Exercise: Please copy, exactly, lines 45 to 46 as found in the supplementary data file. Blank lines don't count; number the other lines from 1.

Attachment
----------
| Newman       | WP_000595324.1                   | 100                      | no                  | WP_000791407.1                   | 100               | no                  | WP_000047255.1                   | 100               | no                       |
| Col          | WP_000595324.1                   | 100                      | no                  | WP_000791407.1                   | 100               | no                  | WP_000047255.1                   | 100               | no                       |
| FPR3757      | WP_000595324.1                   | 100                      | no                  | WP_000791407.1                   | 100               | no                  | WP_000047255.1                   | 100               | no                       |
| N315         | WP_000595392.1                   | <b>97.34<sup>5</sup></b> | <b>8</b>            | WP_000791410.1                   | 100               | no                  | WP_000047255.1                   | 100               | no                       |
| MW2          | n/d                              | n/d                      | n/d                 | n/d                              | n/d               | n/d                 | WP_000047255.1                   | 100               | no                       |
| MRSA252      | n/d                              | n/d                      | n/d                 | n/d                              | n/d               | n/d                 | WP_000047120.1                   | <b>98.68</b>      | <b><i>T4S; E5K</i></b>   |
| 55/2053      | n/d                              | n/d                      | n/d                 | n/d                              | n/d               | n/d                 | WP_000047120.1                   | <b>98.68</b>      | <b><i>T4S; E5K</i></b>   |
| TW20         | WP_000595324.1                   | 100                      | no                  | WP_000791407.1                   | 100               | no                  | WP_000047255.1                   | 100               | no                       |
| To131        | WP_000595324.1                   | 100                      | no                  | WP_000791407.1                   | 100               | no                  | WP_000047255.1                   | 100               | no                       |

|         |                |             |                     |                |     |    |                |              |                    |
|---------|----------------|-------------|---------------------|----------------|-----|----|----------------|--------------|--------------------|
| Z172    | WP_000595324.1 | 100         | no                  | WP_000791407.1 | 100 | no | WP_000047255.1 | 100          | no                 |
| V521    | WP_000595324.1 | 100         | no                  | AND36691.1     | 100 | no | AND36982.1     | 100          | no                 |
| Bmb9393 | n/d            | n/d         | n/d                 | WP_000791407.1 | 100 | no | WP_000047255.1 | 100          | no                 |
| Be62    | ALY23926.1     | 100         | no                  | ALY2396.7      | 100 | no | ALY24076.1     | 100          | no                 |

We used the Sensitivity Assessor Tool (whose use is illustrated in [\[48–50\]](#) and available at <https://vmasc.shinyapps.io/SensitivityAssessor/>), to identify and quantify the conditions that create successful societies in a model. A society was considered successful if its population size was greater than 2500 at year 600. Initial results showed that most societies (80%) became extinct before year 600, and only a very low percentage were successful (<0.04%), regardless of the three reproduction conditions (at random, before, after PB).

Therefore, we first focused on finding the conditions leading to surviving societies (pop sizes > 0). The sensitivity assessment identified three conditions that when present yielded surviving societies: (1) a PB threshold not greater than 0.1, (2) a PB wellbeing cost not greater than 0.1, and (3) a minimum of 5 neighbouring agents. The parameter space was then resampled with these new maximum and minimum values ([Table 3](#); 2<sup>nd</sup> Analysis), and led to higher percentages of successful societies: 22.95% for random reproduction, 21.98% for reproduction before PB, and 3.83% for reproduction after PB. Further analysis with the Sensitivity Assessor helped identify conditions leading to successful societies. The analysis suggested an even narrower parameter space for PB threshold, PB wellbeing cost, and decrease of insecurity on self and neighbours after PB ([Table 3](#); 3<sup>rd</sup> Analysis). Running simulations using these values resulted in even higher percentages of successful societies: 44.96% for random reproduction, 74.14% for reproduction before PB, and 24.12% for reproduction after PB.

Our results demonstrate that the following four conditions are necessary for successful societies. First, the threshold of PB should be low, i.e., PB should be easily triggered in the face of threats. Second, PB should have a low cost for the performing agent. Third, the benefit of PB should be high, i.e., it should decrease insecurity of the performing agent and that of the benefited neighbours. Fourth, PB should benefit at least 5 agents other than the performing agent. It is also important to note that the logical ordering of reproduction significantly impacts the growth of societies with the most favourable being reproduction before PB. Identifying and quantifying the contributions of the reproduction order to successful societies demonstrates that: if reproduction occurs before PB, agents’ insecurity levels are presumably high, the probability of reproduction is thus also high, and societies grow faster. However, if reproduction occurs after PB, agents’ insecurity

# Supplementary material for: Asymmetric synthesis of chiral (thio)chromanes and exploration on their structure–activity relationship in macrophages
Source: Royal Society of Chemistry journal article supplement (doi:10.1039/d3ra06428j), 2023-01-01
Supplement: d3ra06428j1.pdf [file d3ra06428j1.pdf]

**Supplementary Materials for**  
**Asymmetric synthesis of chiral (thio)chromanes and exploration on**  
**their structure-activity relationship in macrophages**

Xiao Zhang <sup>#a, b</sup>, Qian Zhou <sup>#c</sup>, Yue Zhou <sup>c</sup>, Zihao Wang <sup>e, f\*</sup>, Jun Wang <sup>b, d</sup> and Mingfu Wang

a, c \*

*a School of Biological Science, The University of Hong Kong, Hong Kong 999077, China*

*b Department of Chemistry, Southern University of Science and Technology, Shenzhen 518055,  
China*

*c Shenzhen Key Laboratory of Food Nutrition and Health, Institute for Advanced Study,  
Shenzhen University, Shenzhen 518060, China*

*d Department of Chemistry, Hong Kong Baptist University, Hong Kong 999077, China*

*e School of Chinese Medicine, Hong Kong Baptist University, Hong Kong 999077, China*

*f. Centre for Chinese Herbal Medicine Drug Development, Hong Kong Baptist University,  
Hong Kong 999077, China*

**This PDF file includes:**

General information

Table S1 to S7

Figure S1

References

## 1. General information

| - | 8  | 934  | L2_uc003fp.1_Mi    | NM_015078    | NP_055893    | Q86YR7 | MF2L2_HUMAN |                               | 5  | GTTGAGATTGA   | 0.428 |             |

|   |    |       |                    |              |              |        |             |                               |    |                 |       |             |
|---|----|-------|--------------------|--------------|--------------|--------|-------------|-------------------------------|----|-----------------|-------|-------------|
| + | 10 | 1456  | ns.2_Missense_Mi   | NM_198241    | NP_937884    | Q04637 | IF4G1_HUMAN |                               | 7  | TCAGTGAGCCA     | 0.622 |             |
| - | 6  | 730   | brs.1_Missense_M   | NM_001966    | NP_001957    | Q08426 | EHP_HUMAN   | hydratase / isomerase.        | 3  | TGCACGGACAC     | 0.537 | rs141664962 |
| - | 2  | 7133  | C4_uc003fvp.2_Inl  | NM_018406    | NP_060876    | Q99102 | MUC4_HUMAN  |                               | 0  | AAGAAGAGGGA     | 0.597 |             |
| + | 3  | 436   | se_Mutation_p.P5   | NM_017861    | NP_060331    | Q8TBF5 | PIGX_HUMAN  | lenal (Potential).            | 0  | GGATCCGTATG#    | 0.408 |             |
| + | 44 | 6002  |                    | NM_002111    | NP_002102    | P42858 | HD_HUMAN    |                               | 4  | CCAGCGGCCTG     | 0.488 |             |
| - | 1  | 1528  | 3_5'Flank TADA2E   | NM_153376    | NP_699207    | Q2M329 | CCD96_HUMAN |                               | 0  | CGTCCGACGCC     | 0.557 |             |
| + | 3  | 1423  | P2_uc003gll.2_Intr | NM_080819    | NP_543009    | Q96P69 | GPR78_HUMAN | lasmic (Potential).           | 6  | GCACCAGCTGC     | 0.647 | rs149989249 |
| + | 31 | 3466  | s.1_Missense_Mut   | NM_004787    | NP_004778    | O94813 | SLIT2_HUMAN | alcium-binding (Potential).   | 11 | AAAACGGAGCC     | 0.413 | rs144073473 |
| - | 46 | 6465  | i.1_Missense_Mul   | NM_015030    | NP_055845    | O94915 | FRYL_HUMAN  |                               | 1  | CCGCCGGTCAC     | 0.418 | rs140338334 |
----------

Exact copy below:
| + | 10 | 1456  | ns.2_Missense_Mi   | NM_198241    | NP_937884    | Q04637 | IF4G1_HUMAN |                               | 7  | TCAGTGAGCCA     | 0.622 |             |
| - | 6  | 730   | brs.1_Missense_M   | NM_001966    | NP_001957    | Q08426 | EHP_HUMAN   | hydratase / isomerase.        | 3  | TGCACGGACAC     | 0.537 | rs141664962 |